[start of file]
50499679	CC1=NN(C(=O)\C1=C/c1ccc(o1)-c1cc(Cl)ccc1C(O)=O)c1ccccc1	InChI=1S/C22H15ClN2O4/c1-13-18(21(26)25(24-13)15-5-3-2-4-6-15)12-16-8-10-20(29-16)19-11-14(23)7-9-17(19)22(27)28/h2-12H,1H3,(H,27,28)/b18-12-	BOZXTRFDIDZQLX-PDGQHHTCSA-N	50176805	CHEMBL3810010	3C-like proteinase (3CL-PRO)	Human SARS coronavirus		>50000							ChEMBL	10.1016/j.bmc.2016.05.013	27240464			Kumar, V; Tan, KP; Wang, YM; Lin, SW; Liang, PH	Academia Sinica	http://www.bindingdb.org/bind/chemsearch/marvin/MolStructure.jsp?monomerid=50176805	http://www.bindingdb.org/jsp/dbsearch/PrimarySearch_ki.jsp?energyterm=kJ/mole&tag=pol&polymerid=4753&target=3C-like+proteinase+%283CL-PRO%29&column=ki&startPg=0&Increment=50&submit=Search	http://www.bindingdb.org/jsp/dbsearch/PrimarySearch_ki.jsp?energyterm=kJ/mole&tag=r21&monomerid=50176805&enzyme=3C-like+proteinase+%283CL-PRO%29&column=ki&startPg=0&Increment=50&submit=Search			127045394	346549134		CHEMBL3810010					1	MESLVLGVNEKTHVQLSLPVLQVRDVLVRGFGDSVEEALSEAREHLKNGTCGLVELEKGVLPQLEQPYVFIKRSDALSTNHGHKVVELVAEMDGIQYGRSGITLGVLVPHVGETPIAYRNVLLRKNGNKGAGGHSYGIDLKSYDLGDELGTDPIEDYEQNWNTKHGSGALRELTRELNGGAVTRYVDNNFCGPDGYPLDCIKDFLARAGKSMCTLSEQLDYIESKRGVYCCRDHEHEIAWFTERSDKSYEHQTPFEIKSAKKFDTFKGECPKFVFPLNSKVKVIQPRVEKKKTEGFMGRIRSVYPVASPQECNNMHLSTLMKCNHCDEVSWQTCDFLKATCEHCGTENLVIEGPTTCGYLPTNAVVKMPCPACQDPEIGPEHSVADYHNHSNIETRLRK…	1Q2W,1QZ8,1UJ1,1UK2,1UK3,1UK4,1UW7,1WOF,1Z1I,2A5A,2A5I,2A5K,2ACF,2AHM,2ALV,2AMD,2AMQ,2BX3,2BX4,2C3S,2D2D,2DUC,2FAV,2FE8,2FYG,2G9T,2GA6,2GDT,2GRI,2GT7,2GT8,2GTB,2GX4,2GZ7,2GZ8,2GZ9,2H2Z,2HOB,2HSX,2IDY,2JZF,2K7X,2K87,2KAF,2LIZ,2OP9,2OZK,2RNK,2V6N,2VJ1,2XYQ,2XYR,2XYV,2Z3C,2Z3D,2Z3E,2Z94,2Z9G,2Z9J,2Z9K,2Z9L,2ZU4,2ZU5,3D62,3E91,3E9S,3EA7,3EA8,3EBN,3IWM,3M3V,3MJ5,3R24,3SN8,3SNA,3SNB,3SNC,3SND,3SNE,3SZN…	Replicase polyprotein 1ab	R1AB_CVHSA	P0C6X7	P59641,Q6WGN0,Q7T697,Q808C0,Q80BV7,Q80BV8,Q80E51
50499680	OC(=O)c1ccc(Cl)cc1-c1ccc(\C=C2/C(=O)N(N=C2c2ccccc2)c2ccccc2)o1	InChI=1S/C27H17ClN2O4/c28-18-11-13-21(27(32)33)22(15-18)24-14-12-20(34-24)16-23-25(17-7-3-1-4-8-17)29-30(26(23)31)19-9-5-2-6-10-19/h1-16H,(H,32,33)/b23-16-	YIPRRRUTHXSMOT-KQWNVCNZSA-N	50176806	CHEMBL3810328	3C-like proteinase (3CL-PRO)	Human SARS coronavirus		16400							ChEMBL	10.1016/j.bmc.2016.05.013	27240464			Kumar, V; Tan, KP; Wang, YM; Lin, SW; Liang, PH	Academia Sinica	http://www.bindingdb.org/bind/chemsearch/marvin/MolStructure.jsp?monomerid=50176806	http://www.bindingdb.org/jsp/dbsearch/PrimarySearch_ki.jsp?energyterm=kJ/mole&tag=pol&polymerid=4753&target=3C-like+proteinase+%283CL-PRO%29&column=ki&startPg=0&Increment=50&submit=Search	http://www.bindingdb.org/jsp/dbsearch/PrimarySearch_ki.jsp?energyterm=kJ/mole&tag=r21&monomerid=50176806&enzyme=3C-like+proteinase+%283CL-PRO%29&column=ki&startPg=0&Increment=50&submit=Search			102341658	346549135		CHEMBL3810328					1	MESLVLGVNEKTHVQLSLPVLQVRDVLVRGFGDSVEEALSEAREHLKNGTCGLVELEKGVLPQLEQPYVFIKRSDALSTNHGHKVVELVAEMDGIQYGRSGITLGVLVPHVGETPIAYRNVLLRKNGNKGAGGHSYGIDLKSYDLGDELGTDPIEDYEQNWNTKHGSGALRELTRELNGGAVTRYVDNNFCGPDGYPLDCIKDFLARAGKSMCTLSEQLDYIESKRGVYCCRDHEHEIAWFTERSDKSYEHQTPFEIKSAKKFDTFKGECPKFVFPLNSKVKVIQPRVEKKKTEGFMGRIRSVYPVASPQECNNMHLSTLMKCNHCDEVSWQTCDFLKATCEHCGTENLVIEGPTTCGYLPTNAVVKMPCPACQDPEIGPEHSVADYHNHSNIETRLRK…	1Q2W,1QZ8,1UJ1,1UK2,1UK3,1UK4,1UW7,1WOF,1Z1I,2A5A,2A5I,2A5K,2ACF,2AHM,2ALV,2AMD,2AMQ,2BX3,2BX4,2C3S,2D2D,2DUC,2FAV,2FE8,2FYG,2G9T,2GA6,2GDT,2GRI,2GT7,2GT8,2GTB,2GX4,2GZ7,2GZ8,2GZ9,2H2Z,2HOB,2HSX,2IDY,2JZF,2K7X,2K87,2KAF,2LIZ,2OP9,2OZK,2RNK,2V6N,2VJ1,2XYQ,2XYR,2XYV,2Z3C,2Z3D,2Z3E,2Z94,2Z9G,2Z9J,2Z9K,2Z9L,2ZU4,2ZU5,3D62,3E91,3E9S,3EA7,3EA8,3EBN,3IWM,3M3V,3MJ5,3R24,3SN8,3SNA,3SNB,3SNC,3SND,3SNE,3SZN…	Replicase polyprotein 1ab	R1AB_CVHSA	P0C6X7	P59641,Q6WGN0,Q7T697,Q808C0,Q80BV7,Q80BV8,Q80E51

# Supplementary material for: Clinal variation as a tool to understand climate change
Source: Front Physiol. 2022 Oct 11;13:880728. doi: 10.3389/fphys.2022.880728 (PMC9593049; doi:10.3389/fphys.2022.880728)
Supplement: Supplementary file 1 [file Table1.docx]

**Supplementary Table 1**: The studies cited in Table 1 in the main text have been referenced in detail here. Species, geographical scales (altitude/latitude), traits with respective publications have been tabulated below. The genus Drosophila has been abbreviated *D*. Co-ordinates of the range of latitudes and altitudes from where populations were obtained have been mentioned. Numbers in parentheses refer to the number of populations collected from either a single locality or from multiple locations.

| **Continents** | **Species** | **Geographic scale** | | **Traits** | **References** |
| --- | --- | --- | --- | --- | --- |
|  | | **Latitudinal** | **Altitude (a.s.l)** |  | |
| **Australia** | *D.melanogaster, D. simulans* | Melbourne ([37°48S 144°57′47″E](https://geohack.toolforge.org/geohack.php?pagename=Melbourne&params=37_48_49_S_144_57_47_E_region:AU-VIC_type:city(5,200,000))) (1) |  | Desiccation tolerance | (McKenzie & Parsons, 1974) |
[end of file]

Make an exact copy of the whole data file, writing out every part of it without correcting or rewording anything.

50499679	CC1=NN(C(=O)\C1=C/c1ccc(o1)-c1cc(Cl)ccc1C(O)=O)c1ccccc1	InChI=1S/C22H15ClN2O4/c1-13-18(21(26)25(24-13)15-5-3-2-4-6-15)12-16-8-10-20(29-16)19-11-14(23)7-9-17(19)22(27)28/h2-12H,1H3,(H,27,28)/b18-12-	BOZXTRFDIDZQLX-PDGQHHTCSA-N	50176805	CHEMBL3810010	3C-like proteinase (3CL-PRO)	Human SARS coronavirus		>50000							ChEMBL	10.1016/j.bmc.2016.05.013	27240464			Kumar, V; Tan, KP; Wang, YM; Lin, SW; Liang, PH	Academia Sinica	http://www.bindingdb.org/bind/chemsearch/marvin/MolStructure.jsp?monomerid=50176805	http://www.bindingdb.org/jsp/dbsearch/PrimarySearch_ki.jsp?energyterm=kJ/mole&tag=pol&polymerid=4753&target=3C-like+proteinase+%283CL-PRO%29&column=ki&startPg=0&Increment=50&submit=Search	http://www.bindingdb.org/jsp/dbsearch/PrimarySearch_ki.jsp?energyterm=kJ/mole&tag=r21&monomerid=50176805&enzyme=3C-like+proteinase+%283CL-PRO%29&column=ki&startPg=0&Increment=50&submit=Search			127045394	346549134		CHEMBL3810010					1	MESLVLGVNEKTHVQLSLPVLQVRDVLVRGFGDSVEEALSEAREHLKNGTCGLVELEKGVLPQLEQPYVFIKRSDALSTNHGHKVVELVAEMDGIQYGRSGITLGVLVPHVGETPIAYRNVLLRKNGNKGAGGHSYGIDLKSYDLGDELGTDPIEDYEQNWNTKHGSGALRELTRELNGGAVTRYVDNNFCGPDGYPLDCIKDFLARAGKSMCTLSEQLDYIESKRGVYCCRDHEHEIAWFTERSDKSYEHQTPFEIKSAKKFDTFKGECPKFVFPLNSKVKVIQPRVEKKKTEGFMGRIRSVYPVASPQECNNMHLSTLMKCNHCDEVSWQTCDFLKATCEHCGTENLVIEGPTTCGYLPTNAVVKMPCPACQDPEIGPEHSVADYHNHSNIETRLRK…	1Q2W,1QZ8,1UJ1,1UK2,1UK3,1UK4,1UW7,1WOF,1Z1I,2A5A,2A5I,2A5K,2ACF,2AHM,2ALV,2AMD,2AMQ,2BX3,2BX4,2C3S,2D2D,2DUC,2FAV,2FE8,2FYG,2G9T,2GA6,2GDT,2GRI,2GT7,2GT8,2GTB,2GX4,2GZ7,2GZ8,2GZ9,2H2Z,2HOB,2HSX,2IDY,2JZF,2K7X,2K87,2KAF,2LIZ,2OP9,2OZK,2RNK,2V6N,2VJ1,2XYQ,2XYR,2XYV,2Z3C,2Z3D,2Z3E,2Z94,2Z9G,2Z9J,2Z9K,2Z9L,2ZU4,2ZU5,3D62,3E91,3E9S,3EA7,3EA8,3EBN,3IWM,3M3V,3MJ5,3R24,3SN8,3SNA,3SNB,3SNC,3SND,3SNE,3SZN…	Replicase polyprotein 1ab	R1AB_CVHSA	P0C6X7	P59641,Q6WGN0,Q7T697,Q808C0,Q80BV7,Q80BV8,Q80E51
50499680	OC(=O)c1ccc(Cl)cc1-c1ccc(\C=C2/C(=O)N(N=C2c2ccccc2)c2ccccc2)o1	InChI=1S/C27H17ClN2O4/c28-18-11-13-21(27(32)33)22(15-18)24-14-12-20(34-24)16-23-25(17-7-3-1-4-8-17)29-30(26(23)31)19-9-5-2-6-10-19/h1-16H,(H,32,33)/b23-16-	YIPRRRUTHXSMOT-KQWNVCNZSA-N	50176806	CHEMBL3810328	3C-like proteinase (3CL-PRO)	Human SARS coronavirus		16400							ChEMBL	10.1016/j.bmc.2016.05.013	27240464			Kumar, V; Tan, KP; Wang, YM; Lin, SW; Liang, PH	Academia Sinica	http://www.bindingdb.org/bind/chemsearch/marvin/MolStructure.jsp?monomerid=50176806	http://www.bindingdb.org/jsp/dbsearch/PrimarySearch_ki.jsp?energyterm=kJ/mole&tag=pol&polymerid=4753&target=3C-like+proteinase+%283CL-PRO%29&column=ki&startPg=0&Increment=50&submit=Search	http://www.bindingdb.org/jsp/dbsearch/PrimarySearch_ki.jsp?energyterm=kJ/mole&tag=r21&monomerid=50176806&enzyme=3C-like+proteinase+%283CL-PRO%29&column=ki&startPg=0&Increment=50&submit=Search			102341658	346549135		CHEMBL3810328					1	MESLVLGVNEKTHVQLSLPVLQVRDVLVRGFGDSVEEALSEAREHLKNGTCGLVELEKGVLPQLEQPYVFIKRSDALSTNHGHKVVELVAEMDGIQYGRSGITLGVLVPHVGETPIAYRNVLLRKNGNKGAGGHSYGIDLKSYDLGDELGTDPIEDYEQNWNTKHGSGALRELTRELNGGAVTRYVDNNFCGPDGYPLDCIKDFLARAGKSMCTLSEQLDYIESKRGVYCCRDHEHEIAWFTERSDKSYEHQTPFEIKSAKKFDTFKGECPKFVFPLNSKVKVIQPRVEKKKTEGFMGRIRSVYPVASPQECNNMHLSTLMKCNHCDEVSWQTCDFLKATCEHCGTENLVIEGPTTCGYLPTNAVVKMPCPACQDPEIGPEHSVADYHNHSNIETRLRK…	1Q2W,1QZ8,1UJ1,1UK2,1UK3,1UK4,1UW7,1WOF,1Z1I,2A5A,2A5I,2A5K,2ACF,2AHM,2ALV,2AMD,2AMQ,2BX3,2BX4,2C3S,2D2D,2DUC,2FAV,2FE8,2FYG,2G9T,2GA6,2GDT,2GRI,2GT7,2GT8,2GTB,2GX4,2GZ7,2GZ8,2GZ9,2H2Z,2HOB,2HSX,2IDY,2JZF,2K7X,2K87,2KAF,2LIZ,2OP9,2OZK,2RNK,2V6N,2VJ1,2XYQ,2XYR,2XYV,2Z3C,2Z3D,2Z3E,2Z94,2Z9G,2Z9J,2Z9K,2Z9L,2ZU4,2ZU5,3D62,3E91,3E9S,3EA7,3EA8,3EBN,3IWM,3M3V,3MJ5,3R24,3SN8,3SNA,3SNB,3SNC,3SND,3SNE,3SZN…	Replicase polyprotein 1ab	R1AB_CVHSA	P0C6X7	P59641,Q6WGN0,Q7T697,Q808C0,Q80BV7,Q80BV8,Q80E51

# Supplementary material for: Clinal variation as a tool to understand climate change
Source: Front Physiol. 2022 Oct 11;13:880728. doi: 10.3389/fphys.2022.880728 (PMC9593049; doi:10.3389/fphys.2022.880728)
Supplement: Supplementary file 1 [file Table1.docx]

**Supplementary Table 1**: The studies cited in Table 1 in the main text have been referenced in detail here. Species, geographical scales (altitude/latitude), traits with respective publications have been tabulated below. The genus Drosophila has been abbreviated *D*. Co-ordinates of the range of latitudes and altitudes from where populations were obtained have been mentioned. Numbers in parentheses refer to the number of populations collected from either a single locality or from multiple locations.

| **Continents** | **Species** | **Geographic scale** | | **Traits** | **References** |
| --- | --- | --- | --- | --- | --- |
|  | | **Latitudinal** | **Altitude (a.s.l)** |  | |
| **Australia** | *D.melanogaster, D. simulans* | Melbourne ([37°48S 144°57′47″E](https://geohack.toolforge.org/geohack.php?pagename=Melbourne&params=37_48_49_S_144_57_47_E_region:AU-VIC_type:city(5,200,000))) (1) |  | Desiccation tolerance | (McKenzie & Parsons, 1974) |